‘Trend line is pretty clear’ on carbon curbs — White House official

Source: Hannah Hess, E&E reporter • Posted: Wednesday, November 2, 2016

With investor scrutiny mounting on climate risks, a White House official suggested yesterday that companies that plan for reduced carbon emissions are “going to come out ahead.”

Ali Zaidi, the Office of Management and Budget’s associate director for natural resources, energy and science, was asked during an Atlantic Council event about companies that use a shadow price of carbon in corporate decisionmaking.

It’s not the government’s job to tell CEOs how to run their businesses, he said, but there may be a “lagging appreciation” in the private sector for how much has happened to transform the climate landscape over the last couple of years.

“While uncertainty remains, it’s hard to say that sitting in a boardroom, this is not a material consideration,” he said, “And I would imagine that in most of these boardrooms, there’s a sense that the trend line is pretty clear.

“I think folks who are planning in this way are going to come out ahead because they are going to be on the right side of the way this issue breaks.”

To bolster his point, Zaidi nodded to implementation of the Paris climate agreement, the international aviation deal that sets up a market-based approach to offsetting emissions growth and the “huge amendment” to the Montreal Protocol that aims to limit heat-trapping hydrofluorocarbons.

Following a meeting of the Group of 20 task force that plans next year to issue voluntary guidance for companies to disclose climate-related financial risk, Zaidi spoke about OMB’s approach to climate, including input on the social cost of carbon and incorporating that calculation into federal procurement contracts.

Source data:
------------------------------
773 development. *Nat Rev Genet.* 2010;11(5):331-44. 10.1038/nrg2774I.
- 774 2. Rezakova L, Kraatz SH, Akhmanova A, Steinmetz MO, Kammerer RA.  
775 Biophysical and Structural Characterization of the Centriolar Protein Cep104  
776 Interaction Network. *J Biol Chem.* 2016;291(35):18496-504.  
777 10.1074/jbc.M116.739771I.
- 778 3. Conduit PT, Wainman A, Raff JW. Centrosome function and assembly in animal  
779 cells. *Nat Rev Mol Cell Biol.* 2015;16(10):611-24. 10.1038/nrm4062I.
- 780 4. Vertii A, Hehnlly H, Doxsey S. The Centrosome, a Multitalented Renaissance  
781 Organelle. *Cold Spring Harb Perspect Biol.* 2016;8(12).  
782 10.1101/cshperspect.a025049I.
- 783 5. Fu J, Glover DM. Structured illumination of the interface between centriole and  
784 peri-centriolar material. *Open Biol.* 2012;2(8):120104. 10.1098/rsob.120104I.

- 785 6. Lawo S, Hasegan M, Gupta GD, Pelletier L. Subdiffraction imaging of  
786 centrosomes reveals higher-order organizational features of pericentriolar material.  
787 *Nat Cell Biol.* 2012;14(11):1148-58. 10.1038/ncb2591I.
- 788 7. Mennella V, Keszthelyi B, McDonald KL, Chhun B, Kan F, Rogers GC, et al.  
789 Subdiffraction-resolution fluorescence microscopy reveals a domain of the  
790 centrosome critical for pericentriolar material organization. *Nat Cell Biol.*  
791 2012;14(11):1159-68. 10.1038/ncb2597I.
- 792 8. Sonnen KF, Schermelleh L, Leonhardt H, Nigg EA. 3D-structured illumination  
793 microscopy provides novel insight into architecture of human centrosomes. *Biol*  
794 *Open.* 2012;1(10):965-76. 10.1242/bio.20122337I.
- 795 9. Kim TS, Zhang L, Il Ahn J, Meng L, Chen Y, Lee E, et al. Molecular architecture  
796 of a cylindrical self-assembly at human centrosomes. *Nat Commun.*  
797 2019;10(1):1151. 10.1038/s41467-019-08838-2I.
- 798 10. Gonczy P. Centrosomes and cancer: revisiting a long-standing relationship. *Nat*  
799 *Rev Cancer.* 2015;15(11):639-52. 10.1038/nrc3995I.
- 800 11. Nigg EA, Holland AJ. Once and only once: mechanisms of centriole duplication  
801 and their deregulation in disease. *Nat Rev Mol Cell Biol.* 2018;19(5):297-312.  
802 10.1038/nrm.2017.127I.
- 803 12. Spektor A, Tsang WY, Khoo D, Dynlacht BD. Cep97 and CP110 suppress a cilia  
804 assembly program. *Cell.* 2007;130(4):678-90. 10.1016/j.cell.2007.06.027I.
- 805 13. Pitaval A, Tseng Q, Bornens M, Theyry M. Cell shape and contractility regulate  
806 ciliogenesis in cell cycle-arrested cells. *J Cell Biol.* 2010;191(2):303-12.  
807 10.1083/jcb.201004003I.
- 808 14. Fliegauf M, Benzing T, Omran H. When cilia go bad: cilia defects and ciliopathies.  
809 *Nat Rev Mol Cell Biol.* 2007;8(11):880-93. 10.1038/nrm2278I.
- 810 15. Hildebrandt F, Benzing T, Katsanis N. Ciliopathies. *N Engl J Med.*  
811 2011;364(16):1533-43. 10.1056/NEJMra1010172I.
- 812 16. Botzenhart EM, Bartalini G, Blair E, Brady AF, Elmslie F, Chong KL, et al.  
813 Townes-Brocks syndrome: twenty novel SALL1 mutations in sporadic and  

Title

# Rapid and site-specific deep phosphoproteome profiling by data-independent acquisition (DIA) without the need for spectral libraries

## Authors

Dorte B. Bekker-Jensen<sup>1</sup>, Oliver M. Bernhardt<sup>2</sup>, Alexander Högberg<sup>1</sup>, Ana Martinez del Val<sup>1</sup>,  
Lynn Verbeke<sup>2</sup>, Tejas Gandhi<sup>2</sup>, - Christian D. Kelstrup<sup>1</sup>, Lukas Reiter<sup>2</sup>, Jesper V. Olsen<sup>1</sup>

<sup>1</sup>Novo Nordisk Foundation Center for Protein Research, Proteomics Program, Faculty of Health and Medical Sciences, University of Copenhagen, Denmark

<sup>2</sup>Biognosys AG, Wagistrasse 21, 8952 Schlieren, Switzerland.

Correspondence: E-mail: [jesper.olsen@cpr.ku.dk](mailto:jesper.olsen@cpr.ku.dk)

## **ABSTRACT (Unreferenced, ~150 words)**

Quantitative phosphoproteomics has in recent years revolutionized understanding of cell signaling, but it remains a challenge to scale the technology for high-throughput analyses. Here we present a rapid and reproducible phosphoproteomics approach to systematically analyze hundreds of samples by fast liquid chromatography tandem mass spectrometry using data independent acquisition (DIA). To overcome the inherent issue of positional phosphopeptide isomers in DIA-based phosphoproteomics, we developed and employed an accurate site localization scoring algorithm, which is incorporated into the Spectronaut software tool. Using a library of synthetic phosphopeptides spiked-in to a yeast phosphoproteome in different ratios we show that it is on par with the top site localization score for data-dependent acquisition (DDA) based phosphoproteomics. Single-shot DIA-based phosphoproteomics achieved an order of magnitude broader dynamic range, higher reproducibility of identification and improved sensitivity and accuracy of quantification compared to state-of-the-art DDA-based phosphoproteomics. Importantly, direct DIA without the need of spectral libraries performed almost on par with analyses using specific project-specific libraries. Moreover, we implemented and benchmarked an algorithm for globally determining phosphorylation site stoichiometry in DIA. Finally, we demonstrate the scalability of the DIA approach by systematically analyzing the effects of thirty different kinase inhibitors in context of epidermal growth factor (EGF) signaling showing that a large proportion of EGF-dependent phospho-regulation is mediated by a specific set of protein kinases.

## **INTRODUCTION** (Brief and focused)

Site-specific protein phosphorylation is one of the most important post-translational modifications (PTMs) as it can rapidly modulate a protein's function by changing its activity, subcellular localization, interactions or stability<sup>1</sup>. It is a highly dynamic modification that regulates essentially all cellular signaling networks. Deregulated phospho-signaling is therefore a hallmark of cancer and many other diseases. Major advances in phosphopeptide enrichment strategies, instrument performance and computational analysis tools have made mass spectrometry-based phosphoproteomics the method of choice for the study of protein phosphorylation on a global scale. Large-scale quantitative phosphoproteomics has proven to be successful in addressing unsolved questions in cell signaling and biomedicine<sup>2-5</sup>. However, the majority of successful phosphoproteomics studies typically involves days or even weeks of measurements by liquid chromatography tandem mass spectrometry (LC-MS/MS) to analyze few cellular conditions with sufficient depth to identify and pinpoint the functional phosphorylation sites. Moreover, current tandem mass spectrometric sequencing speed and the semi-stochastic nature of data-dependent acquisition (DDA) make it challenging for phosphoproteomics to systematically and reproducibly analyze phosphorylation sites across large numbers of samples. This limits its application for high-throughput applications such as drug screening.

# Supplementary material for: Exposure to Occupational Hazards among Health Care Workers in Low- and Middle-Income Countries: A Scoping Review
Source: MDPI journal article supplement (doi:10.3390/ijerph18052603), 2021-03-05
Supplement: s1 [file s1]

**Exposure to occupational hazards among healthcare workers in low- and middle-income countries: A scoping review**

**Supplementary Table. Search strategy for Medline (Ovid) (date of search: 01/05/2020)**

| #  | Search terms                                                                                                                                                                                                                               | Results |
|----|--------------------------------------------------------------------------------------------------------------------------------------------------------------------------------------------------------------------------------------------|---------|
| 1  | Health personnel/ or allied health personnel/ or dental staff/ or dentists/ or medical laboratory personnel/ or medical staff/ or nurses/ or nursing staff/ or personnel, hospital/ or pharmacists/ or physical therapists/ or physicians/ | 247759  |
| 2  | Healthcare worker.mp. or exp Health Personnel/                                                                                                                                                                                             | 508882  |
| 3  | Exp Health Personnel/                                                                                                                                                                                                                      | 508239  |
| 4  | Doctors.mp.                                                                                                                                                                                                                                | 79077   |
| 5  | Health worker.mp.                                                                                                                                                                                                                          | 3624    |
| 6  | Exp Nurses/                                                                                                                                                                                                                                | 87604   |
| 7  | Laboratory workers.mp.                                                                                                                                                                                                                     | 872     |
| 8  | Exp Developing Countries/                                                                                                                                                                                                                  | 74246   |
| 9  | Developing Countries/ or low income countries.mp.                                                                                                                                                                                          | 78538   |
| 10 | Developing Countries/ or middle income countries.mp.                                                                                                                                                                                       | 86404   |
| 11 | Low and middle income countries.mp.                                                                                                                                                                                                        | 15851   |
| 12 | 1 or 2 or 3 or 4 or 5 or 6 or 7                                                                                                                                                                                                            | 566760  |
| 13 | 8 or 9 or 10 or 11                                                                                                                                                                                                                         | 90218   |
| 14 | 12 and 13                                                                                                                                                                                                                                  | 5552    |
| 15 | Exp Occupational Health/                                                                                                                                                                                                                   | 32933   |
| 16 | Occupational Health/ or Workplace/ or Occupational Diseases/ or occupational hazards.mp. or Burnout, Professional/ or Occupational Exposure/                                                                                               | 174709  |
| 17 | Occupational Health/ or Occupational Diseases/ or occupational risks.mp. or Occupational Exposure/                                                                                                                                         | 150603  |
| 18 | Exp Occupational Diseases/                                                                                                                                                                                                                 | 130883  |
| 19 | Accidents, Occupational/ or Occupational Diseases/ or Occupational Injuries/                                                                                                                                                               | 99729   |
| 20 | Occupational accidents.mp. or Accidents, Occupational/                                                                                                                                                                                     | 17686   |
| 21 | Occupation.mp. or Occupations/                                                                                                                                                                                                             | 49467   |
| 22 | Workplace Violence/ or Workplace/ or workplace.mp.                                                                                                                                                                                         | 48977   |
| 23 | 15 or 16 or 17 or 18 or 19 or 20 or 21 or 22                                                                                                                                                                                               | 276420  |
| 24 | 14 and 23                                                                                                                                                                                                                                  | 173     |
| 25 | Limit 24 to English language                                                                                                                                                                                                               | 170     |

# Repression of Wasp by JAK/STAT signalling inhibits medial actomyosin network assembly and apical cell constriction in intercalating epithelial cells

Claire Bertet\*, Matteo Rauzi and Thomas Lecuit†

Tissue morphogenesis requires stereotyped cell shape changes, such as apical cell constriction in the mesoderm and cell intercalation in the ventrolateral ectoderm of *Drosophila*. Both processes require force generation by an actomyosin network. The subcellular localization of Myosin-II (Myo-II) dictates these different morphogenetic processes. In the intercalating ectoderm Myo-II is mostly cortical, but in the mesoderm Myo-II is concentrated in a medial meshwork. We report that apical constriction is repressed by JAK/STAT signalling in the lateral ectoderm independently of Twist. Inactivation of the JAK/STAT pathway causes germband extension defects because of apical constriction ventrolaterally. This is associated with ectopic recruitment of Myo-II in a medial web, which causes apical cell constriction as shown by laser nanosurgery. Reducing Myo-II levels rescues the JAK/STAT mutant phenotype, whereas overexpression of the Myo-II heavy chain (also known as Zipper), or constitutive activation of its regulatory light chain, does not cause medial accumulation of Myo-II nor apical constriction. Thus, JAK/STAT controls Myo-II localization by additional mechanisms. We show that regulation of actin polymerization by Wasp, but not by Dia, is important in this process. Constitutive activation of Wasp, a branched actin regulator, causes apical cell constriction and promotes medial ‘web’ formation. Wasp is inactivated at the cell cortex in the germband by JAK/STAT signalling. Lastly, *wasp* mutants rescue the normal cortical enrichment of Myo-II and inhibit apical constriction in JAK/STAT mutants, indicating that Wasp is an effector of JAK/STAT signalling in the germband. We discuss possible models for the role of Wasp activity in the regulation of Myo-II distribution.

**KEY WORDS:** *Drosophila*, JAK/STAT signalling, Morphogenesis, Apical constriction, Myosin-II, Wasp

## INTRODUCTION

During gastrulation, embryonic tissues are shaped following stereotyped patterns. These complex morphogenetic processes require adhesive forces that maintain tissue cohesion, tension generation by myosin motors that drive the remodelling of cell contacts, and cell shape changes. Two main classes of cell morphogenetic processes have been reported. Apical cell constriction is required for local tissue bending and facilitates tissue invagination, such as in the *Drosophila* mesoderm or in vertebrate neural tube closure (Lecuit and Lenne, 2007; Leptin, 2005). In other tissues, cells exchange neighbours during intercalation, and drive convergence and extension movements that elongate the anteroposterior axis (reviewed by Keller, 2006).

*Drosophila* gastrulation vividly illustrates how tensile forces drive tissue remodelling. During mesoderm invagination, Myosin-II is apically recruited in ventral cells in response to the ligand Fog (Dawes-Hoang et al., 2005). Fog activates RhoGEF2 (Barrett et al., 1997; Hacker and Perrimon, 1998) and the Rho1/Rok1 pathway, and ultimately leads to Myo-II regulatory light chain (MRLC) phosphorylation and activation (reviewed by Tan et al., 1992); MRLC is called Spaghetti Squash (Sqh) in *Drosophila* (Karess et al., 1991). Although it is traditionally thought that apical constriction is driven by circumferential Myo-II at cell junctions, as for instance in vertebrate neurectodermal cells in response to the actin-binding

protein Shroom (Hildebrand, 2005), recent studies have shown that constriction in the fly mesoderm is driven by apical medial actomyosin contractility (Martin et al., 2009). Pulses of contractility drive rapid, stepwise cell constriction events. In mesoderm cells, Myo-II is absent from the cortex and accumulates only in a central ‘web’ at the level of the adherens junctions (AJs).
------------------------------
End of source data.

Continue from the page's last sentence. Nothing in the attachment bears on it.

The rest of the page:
Zaidi also talked about federal and state-level pension managers looking at how increased regulations of greenhouse gas emissions might affect their investments, a trend he said is “picking up steam.” In Maryland, for instance, officials have begun considering how to minimize the carbon footprint of the state’s $45 billion portfolio (ClimateWire, Oct. 21).

The issue is in the spotlight with New York Attorney General Eric Schneiderman (D) and the Securities and Exchange Commission investigating Exxon Mobil Corp., reportedly on how the company appraises its assets. Critics of the company have encouraged investors to ask how it accounts for climate change in the value of its reserves (ClimateWire, Oct. 26).

The Environmental Defense Fund and Principles for Responsible Investment partnered earlier this month to produce a guide to help investors engage with oil and gas companies about methane, a potent greenhouse gas that federal agencies are working to regulate. It encourages support for regulations that would require the sector to utilize new technologies to manage methane emissions.

In January, EDF released a report finding that none of the leading upstream and midstream oil and gas companies operating in the United States disclosed methane reduction targets, and less than a third disclosed baseline emissions information via accessible, investor-facing data sources.

The American Petroleum Institute, a top lobbying powerhouse for natural gas, today said the Obama administration could encourage more investment in energy with smart and cost-effective regulatory programs that address permitting, infrastructure and pipeline delays.

Western Energy Alliance’s Kathleen Sgamma noted that agriculture, not the oil and natural gas industry, is the largest industrial source of methane thanks to the industry’s efforts since 1990 to reduce emissions. Many of the figures EDF uses are misleading, she said in an email to E&E News.

“It’s quite a racket to exaggerate the scope of the issue, and then turn around and pressure Wall Street into worrying about an issue ginned up from EDF’s own misinformation,” Sgamma said.